READ about Piers Morgan's long career in journalism here.
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With Super Bowl XLVIII set to kick off from New Jersey's MetLife Stadium in less than two days, on Friday evening Piers Morgan huddled up with one of the game's all-time greats, as Dan Marino joined the host inside his New York City studio.
A 2005 Hall of Fame inductee, Marino dominated from the quarterback position, passing for more than 61-thousand yards and tallying more that 400 touchdown passes in his 17 yearlong career. However, the former Pittsburgh Panther is still haunted by having never captured the sport's ultimate prize:
"I'll tell you when it does affect me though, is when I watch the Super Bowl," Marino told Morgan, referencing the fact that he failed to win an NFL Championship, despite reaching the big game in his second season. "I look at it, and after the game's over, and someone's holding up the trophy, and I say, 'you know, I never had that feeling.' I experienced everything else you could have on a football field and in a career as football player, but not that feeling to walk off the field and, you know, have that championship."
Despite having missed out on a shot to hoist the Lombardi Trophy, Marino's multiple personal achievements remain the thing of legend, including the 52-year-old once holding the mark for most career touchdown passes, a record he still visibly recalls setting:
"It was a flat pattern to Keith Byars, and it was in Indianapolis," Marino told Morgan, of the day he tallied his 343rd TD toss. "It was on the road, and we we're losing at that time. And that was the play. I think it was called the '62 Tex-O.'"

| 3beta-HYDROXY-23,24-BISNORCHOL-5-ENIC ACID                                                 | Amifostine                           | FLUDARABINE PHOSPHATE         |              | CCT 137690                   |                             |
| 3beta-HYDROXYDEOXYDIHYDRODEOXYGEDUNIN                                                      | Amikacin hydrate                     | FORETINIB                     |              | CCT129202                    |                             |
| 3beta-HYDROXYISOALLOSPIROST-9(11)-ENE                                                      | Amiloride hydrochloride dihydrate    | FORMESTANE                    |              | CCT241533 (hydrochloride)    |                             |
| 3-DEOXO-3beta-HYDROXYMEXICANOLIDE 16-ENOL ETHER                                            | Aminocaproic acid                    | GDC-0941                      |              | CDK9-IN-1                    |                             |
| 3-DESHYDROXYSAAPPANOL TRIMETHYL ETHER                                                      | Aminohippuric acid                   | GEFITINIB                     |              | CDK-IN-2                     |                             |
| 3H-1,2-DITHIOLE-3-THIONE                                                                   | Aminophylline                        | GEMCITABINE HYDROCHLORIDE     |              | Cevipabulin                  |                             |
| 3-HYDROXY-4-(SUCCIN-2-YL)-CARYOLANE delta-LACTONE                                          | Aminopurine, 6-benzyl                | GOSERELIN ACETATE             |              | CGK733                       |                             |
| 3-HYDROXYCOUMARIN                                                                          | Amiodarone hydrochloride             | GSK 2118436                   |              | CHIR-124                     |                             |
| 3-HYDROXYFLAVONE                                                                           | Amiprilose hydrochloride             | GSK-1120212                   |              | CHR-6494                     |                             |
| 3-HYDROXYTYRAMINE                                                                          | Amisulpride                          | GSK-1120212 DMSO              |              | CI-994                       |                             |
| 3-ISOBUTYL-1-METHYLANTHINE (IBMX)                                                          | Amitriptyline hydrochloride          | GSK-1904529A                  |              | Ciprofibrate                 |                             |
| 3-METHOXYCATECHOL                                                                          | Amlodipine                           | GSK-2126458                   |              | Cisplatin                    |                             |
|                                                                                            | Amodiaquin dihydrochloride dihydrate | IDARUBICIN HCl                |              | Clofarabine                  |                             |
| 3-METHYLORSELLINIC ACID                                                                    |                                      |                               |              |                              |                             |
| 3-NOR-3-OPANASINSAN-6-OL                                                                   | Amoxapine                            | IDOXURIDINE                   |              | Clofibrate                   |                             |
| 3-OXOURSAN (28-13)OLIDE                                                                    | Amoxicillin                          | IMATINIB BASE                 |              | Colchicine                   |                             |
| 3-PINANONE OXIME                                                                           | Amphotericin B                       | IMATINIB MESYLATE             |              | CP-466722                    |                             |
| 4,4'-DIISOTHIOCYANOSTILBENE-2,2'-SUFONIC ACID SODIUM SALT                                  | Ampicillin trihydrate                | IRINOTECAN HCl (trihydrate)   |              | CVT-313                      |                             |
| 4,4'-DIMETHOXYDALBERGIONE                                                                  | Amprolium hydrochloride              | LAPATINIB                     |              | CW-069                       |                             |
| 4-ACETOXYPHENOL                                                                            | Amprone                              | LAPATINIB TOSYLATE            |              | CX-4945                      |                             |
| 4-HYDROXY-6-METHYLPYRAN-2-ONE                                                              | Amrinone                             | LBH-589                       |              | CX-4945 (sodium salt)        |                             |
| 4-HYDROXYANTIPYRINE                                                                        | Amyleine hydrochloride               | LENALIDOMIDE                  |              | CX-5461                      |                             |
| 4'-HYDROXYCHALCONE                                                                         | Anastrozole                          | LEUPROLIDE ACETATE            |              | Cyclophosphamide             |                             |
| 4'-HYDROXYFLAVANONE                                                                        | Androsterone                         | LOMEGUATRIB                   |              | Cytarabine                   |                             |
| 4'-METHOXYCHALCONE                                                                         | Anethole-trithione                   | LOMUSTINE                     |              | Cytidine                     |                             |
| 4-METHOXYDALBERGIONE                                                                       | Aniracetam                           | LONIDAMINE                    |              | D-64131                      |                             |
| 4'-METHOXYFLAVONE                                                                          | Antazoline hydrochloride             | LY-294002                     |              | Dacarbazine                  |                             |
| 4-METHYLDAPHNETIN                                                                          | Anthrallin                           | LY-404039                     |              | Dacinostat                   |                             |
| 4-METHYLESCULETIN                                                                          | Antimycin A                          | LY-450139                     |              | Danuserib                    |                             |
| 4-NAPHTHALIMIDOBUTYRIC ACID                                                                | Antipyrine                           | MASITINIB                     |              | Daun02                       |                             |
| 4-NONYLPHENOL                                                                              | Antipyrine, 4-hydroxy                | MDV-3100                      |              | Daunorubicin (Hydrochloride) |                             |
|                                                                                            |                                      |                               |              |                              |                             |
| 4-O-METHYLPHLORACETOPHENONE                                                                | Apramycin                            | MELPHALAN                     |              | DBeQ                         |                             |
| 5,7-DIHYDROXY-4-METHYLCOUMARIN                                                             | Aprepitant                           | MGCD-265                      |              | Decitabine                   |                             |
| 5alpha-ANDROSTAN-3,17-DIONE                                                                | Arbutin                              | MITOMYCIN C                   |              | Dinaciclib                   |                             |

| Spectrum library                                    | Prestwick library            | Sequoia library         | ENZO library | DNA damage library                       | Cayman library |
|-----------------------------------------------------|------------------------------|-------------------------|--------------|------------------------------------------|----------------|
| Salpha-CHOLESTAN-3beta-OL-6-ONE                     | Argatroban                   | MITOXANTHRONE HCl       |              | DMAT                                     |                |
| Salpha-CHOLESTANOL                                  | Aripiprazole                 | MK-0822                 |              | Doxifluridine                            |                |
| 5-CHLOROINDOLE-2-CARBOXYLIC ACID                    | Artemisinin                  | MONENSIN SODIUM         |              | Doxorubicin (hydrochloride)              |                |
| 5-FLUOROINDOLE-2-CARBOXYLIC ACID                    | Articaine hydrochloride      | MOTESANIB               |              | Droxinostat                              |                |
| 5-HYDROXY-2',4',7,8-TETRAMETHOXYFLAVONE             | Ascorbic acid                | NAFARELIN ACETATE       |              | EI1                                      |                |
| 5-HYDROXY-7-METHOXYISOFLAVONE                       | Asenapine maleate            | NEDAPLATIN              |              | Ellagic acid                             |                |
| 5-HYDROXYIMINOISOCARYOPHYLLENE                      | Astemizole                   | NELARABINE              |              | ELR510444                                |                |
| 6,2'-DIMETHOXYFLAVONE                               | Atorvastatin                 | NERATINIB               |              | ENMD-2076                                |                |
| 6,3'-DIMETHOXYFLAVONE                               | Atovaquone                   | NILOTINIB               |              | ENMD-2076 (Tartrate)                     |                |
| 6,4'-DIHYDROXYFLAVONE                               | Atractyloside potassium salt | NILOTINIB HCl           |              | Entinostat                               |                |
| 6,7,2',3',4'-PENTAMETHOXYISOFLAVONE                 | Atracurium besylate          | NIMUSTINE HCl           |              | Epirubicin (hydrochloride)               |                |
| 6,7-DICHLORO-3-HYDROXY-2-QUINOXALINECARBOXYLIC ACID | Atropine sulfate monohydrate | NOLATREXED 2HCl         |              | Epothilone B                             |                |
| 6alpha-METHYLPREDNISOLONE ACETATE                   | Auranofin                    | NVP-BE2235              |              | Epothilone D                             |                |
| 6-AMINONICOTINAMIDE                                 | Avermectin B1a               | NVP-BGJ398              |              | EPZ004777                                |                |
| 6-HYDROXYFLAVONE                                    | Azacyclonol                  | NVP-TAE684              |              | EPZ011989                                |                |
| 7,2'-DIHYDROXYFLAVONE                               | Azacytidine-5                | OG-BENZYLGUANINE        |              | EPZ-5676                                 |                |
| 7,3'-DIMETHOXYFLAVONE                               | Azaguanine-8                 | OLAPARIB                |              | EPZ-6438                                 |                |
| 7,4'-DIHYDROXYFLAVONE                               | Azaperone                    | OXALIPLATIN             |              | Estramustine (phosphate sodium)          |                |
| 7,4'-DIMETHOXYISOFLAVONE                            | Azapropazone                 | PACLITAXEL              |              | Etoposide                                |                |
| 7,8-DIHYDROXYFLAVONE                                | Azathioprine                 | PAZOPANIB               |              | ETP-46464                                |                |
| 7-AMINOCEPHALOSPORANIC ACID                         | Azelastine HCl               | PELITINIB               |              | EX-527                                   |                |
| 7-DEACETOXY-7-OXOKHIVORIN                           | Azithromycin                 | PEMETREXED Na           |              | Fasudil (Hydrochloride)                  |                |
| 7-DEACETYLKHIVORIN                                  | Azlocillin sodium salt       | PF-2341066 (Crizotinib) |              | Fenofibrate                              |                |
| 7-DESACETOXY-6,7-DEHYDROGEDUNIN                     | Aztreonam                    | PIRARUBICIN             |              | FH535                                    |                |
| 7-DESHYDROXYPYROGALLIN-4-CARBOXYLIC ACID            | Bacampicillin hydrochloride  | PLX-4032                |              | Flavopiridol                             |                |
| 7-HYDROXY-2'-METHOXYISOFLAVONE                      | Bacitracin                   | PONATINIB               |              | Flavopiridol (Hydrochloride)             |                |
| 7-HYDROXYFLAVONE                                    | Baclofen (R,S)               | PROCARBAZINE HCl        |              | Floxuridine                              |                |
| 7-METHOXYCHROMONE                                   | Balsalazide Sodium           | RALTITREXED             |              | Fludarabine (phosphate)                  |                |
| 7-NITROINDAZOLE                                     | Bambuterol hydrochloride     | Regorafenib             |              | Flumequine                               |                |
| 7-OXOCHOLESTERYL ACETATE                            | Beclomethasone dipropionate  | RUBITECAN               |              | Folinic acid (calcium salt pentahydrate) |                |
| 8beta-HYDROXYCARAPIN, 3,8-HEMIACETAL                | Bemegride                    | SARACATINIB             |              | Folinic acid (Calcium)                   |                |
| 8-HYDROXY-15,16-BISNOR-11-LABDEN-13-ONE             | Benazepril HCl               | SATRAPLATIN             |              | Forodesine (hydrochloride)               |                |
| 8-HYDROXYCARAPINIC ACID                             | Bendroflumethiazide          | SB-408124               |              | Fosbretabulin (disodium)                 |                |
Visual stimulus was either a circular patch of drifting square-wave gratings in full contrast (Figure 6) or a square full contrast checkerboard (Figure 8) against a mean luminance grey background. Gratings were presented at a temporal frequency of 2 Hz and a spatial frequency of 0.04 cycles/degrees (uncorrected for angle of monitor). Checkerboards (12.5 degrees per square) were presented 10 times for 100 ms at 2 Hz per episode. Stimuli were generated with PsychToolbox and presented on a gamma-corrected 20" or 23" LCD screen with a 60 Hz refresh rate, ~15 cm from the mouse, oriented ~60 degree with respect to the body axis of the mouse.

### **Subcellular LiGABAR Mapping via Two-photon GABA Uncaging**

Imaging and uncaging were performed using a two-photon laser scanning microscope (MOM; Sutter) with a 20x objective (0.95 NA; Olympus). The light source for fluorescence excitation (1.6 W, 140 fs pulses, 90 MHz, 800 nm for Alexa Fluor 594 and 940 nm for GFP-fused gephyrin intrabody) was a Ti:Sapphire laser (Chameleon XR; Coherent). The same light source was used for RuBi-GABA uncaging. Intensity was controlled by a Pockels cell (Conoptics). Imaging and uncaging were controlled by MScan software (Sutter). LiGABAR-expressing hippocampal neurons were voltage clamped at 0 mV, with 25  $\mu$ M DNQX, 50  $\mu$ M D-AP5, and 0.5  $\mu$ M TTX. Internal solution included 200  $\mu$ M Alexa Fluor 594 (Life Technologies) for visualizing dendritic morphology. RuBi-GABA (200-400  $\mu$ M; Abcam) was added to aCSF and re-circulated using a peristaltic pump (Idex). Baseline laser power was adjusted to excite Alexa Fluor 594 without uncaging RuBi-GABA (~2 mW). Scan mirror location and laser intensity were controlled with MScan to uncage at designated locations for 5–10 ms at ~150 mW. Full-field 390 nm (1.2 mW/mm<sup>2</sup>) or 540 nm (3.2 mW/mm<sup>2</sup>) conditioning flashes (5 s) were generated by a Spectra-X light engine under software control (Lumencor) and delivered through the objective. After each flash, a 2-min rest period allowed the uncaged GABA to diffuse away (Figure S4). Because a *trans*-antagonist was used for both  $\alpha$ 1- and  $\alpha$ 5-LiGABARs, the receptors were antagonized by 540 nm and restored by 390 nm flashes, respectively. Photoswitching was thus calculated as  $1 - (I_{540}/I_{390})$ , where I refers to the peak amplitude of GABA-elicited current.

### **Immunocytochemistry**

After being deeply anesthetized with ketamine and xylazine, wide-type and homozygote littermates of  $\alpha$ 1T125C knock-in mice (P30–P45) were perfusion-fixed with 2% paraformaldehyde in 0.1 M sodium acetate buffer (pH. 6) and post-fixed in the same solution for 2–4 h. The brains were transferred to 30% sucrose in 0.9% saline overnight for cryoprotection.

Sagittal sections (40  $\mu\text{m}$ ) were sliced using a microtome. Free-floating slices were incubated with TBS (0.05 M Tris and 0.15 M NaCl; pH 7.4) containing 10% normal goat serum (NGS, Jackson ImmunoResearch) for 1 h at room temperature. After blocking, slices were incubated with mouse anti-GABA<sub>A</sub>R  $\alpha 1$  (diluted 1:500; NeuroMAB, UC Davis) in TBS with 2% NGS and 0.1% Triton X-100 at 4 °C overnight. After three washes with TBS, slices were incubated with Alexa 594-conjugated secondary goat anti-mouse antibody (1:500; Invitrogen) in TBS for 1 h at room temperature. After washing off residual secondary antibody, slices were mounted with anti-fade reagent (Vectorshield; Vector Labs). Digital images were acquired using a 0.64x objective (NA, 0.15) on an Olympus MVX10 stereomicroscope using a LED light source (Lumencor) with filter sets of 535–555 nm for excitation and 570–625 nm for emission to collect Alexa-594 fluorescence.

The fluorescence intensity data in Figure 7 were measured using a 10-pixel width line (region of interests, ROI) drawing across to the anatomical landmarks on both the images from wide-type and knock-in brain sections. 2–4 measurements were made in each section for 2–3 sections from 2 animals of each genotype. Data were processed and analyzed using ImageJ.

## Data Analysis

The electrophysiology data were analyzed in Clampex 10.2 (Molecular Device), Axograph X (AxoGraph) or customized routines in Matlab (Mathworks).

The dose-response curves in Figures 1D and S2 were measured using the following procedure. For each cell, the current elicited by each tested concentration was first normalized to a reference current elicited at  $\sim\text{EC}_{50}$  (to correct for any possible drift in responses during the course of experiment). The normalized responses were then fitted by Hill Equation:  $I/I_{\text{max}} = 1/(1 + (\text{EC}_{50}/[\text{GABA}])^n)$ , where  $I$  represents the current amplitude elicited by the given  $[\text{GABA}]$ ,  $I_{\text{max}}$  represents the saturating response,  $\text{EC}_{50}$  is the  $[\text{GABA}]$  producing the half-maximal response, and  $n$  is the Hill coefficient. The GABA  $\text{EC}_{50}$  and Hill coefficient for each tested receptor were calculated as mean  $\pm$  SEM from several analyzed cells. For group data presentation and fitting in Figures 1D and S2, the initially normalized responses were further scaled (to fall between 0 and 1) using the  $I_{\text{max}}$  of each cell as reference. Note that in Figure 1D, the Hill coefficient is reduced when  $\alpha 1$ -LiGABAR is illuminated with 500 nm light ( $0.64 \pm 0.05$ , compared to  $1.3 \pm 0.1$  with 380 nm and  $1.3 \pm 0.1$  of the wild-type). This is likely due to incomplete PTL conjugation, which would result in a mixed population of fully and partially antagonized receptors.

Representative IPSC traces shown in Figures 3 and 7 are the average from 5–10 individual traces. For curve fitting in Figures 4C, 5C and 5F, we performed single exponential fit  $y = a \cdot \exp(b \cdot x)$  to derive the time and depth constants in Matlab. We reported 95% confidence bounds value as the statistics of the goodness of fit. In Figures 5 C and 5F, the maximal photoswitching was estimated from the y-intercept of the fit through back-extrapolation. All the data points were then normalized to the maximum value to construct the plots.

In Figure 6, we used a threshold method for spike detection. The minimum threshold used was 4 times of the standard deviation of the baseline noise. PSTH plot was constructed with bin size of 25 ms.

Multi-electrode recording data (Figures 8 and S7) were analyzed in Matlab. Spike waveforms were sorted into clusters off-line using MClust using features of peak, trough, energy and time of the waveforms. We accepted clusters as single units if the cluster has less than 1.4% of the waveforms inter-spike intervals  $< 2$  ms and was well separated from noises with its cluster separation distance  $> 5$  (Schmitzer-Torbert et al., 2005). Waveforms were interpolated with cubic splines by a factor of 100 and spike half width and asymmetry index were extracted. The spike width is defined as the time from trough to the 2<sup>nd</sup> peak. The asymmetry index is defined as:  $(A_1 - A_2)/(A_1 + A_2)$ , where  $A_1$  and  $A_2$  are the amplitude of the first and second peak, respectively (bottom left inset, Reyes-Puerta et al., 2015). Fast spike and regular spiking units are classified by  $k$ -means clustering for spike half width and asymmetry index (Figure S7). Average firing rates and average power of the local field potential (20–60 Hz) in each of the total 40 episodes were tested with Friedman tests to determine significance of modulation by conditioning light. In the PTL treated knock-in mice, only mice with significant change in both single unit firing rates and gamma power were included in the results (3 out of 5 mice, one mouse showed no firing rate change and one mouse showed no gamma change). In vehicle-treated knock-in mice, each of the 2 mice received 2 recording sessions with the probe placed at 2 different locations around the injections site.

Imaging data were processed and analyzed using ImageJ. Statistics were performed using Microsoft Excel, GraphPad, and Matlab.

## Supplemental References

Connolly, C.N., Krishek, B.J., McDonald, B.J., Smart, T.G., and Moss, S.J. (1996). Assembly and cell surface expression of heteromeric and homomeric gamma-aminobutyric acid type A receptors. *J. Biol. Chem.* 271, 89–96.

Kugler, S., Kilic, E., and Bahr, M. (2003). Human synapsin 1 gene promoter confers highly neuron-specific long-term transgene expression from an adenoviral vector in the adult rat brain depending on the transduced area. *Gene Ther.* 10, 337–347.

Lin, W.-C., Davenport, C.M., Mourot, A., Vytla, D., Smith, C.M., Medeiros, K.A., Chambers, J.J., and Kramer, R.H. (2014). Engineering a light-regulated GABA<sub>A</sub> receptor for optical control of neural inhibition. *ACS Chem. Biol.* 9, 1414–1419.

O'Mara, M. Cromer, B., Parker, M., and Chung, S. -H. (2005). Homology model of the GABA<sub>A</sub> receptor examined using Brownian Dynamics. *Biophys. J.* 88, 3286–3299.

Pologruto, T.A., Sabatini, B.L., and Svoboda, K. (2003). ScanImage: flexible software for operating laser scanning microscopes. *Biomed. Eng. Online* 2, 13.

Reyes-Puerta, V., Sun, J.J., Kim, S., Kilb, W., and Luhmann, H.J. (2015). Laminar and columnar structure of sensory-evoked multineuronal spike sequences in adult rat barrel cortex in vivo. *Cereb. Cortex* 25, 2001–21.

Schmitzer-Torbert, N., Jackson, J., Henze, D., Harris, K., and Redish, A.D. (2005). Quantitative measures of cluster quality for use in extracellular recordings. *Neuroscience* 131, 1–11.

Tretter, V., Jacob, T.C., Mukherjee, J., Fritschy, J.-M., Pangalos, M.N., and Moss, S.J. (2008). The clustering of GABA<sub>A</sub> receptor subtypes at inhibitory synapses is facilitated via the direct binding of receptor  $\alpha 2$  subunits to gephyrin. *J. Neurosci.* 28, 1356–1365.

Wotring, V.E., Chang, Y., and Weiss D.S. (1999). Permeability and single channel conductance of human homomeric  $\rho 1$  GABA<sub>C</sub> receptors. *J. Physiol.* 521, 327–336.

Marino would finish with 420 career passing scores, a mark that would stand until Brett Favre broke it until 2007. In 2012 meanwhile, Peyton Manning also passed Marino, and with 491 scoring strikes remains the active leader, and second all-time to Favre's current mark of 508.
On the heels of Barack Obama's fifth State of the Union address, on Friday evening "Piers Morgan Live" welcomed Chris Tucker, asking the actor and comedian to offer his assessment of the nation's current Commander in Chief:
"He's doing such a good job to me because I think he's – because he does more – he does what he could do as president but not only that, he just have some morals in some certain things he stand for," he said. "You know, that's what I like about him. You know, he's a good person, I think."
Switching from presidential to personal, the man well-known for his work in such films as "Friday" and the "Rush Hour" franchise spoke of the opportunities he's enjoyed to pursue his professional goals as a United States citizen:
"America's about that freedom. You could be born one way and then you could dream, you could dream, and become, you know, whatever you want to become," Tucker told Morgan. "That's what makes us great. That's why everybody want[s] to come to America."